In summary, by closely observing the symptoms and conditions, I employ targeted strategies to manage diseases, pests, and environmental stresses for healthier tomato plants.

Optimal Watering Techniques for Tomato Plants

Watering tomatoes correctly is key to preventing wilting and ensuring robust growth. I’ll show you how to strike the perfect balance with hydration techniques that prevent issues like drought stress or waterlogged roots.

Understanding Plant Hydration Needs

Tomato plants thrive with consistent moisture levels. I ensure my plants get 1 to 1.5 inches of water each week, which is the golden rule for garden-grown tomatoes. If you’re growing tomatoes in containers, they’ll need twice as much, since pots can dry out more quickly. Water requirements also increase in high temperatures due to escalated water loss through leaves.

💥 Quick Answer

Mulching is an effective technique I use to conserve moisture and regulate soil temperature, leading to less frequent watering.

Preventing Overwatering and Underwatering

Both overwatering and underwatering can be detrimental to tomato plants. I check the soil moisture before watering: if the top inch is dry, it’s time to water. I avoid shallow watering, which can promote weak root systems, preferring a thorough soak that reaches the deeper root zone.

For prevention of overwatering, ensuring a well-drained soil is crucial – soggy conditions suffocate roots, leading to root rot and wilt. I incorporate organic matter and build raised beds if necessary to enhance drainage.

I keep a balanced schedule and adjust to weather changes; it’s better to water early in the morning, which helps in reducing water loss from evaporation and gives plants time to absorb water efficiently.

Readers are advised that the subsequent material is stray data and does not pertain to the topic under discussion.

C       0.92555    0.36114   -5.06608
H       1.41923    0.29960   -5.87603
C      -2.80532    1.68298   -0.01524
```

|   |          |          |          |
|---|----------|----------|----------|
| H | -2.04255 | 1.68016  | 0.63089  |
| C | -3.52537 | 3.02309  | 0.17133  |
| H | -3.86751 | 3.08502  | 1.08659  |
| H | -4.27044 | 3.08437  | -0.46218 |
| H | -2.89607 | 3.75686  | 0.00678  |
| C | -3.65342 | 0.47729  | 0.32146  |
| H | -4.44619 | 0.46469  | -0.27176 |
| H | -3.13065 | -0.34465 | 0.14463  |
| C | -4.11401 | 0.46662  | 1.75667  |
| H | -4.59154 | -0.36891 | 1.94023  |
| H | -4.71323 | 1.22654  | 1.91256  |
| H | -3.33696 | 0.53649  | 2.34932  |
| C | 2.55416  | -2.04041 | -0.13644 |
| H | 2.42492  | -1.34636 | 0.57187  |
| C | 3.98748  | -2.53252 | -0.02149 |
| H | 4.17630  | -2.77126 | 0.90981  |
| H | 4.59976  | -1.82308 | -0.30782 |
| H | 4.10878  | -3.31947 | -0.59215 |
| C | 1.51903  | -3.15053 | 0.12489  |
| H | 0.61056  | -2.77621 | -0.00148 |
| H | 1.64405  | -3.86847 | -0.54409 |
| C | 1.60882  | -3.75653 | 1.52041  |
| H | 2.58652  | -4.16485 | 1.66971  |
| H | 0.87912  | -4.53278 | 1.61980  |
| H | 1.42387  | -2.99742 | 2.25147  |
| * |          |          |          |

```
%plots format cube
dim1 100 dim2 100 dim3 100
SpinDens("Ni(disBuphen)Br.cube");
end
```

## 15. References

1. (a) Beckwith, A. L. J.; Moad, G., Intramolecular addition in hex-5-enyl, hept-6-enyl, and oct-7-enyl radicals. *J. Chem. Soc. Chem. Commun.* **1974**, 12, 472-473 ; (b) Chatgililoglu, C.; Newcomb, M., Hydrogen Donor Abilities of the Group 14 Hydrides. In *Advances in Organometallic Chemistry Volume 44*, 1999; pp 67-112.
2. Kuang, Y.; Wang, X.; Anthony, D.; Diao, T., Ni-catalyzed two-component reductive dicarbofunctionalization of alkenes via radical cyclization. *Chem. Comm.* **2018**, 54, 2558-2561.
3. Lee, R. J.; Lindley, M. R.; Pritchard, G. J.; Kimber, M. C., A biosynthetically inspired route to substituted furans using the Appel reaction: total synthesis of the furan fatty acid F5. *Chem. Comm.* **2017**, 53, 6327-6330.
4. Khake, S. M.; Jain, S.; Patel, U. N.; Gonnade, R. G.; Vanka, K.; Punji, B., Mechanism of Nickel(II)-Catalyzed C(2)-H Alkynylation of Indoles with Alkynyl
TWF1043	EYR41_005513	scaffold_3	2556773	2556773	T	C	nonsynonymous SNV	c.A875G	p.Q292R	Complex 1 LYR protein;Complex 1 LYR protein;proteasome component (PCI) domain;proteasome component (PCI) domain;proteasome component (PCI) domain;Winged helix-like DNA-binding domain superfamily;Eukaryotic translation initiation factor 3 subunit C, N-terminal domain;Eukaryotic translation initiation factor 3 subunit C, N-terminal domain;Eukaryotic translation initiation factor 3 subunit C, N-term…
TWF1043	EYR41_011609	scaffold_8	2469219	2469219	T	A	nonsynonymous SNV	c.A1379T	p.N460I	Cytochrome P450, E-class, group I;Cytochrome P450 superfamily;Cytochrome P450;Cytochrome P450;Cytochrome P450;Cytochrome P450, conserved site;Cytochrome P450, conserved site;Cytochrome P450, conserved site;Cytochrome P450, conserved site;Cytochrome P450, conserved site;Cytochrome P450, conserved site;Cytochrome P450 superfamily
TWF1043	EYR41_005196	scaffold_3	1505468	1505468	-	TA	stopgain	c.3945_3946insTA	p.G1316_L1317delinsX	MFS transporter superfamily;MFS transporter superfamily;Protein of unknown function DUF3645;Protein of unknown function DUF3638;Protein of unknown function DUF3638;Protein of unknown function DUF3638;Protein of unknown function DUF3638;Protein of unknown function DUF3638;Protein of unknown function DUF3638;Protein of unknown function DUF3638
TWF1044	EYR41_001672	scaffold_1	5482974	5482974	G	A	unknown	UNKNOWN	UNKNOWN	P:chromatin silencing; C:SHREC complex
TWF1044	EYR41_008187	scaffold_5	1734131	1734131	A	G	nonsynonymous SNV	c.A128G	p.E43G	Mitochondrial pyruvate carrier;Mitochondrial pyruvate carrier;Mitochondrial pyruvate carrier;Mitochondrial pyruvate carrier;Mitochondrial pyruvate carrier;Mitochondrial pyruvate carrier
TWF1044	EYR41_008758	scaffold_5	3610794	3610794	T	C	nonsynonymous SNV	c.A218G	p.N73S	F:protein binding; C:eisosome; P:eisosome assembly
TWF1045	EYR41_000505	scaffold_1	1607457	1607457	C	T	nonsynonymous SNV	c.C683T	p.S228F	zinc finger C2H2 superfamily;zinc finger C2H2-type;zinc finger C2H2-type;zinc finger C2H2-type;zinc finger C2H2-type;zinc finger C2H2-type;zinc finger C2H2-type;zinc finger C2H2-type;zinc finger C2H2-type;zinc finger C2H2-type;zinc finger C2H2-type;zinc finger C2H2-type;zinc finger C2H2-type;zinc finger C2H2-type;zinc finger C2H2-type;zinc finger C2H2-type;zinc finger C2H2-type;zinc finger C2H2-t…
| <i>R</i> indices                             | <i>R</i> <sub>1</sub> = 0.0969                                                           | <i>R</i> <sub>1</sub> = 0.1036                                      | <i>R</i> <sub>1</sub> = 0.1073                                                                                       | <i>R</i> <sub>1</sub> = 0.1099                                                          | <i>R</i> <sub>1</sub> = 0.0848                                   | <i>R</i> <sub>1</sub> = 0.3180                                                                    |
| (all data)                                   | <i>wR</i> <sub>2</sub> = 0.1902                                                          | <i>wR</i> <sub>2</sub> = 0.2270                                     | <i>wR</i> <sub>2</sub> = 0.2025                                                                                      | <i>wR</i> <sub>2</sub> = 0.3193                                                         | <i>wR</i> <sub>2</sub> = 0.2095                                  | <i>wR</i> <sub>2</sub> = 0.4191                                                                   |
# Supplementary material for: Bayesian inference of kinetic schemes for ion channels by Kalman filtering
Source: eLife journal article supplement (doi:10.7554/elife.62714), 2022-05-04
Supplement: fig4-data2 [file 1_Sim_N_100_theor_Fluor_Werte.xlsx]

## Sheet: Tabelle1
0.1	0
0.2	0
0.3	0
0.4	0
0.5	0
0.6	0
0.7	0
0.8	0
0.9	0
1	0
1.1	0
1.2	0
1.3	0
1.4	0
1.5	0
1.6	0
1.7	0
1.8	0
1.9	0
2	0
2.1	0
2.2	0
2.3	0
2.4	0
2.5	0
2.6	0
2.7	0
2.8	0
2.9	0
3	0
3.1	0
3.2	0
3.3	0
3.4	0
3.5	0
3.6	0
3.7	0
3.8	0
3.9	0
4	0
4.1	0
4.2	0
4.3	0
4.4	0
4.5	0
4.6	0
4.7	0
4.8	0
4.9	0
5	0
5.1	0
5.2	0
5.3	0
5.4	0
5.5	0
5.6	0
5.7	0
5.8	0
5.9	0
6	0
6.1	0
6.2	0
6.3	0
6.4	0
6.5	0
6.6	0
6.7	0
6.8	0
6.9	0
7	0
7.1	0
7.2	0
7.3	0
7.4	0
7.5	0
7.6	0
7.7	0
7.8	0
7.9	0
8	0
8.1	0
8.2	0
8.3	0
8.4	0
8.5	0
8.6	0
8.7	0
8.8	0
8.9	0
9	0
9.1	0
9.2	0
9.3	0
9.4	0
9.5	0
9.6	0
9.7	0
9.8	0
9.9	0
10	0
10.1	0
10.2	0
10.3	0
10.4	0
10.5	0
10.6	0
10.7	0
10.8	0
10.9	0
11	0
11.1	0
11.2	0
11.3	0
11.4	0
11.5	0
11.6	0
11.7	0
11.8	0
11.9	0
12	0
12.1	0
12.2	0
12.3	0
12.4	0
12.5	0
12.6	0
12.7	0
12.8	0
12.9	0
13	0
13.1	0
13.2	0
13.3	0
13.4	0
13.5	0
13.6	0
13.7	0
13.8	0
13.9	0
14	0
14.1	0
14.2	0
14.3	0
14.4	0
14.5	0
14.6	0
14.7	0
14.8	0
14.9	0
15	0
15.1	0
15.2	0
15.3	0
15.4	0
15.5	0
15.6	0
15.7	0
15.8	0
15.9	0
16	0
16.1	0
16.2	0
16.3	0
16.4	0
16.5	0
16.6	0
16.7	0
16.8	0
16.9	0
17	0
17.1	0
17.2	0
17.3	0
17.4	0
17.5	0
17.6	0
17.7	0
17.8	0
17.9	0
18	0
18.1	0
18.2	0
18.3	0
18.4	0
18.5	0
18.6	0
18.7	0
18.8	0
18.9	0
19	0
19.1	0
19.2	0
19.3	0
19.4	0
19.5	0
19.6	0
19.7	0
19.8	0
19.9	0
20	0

I use drip irrigation systems for uniform water distribution and to deliver water directly to the roots, avoiding leaf wetness that can lead to disease.

Effective Cultivation Practices

In my experience, the best way to promote the success of tomato plants is by focusing on proper soil preparation, mulching, and crop rotation. These practices form the foundation for healthy growth and yield.

Soil Preparation and Fertilization

The right soil preparation sets the stage for the growing season. I start by testing the soil pH and its nutrients content. Tomatoes prefer slightly acidic to neutral soil, with a pH between 6.0 and 7.0. I incorporate plenty of organic matter like compost to improve soil structure and fertility. A balanced N-P-K (Nitrogen-Phosphorus-Potassium) fertilizer can ensure that plants get off to a strong start. A table of the ideal nutrient ratios could be handy here:

Nitrogen (N) Phosphorus (P) Potassium (K) pH Level
5-10% 10-20% 5-15% 6.0-7.0

Mulch Application and Benefits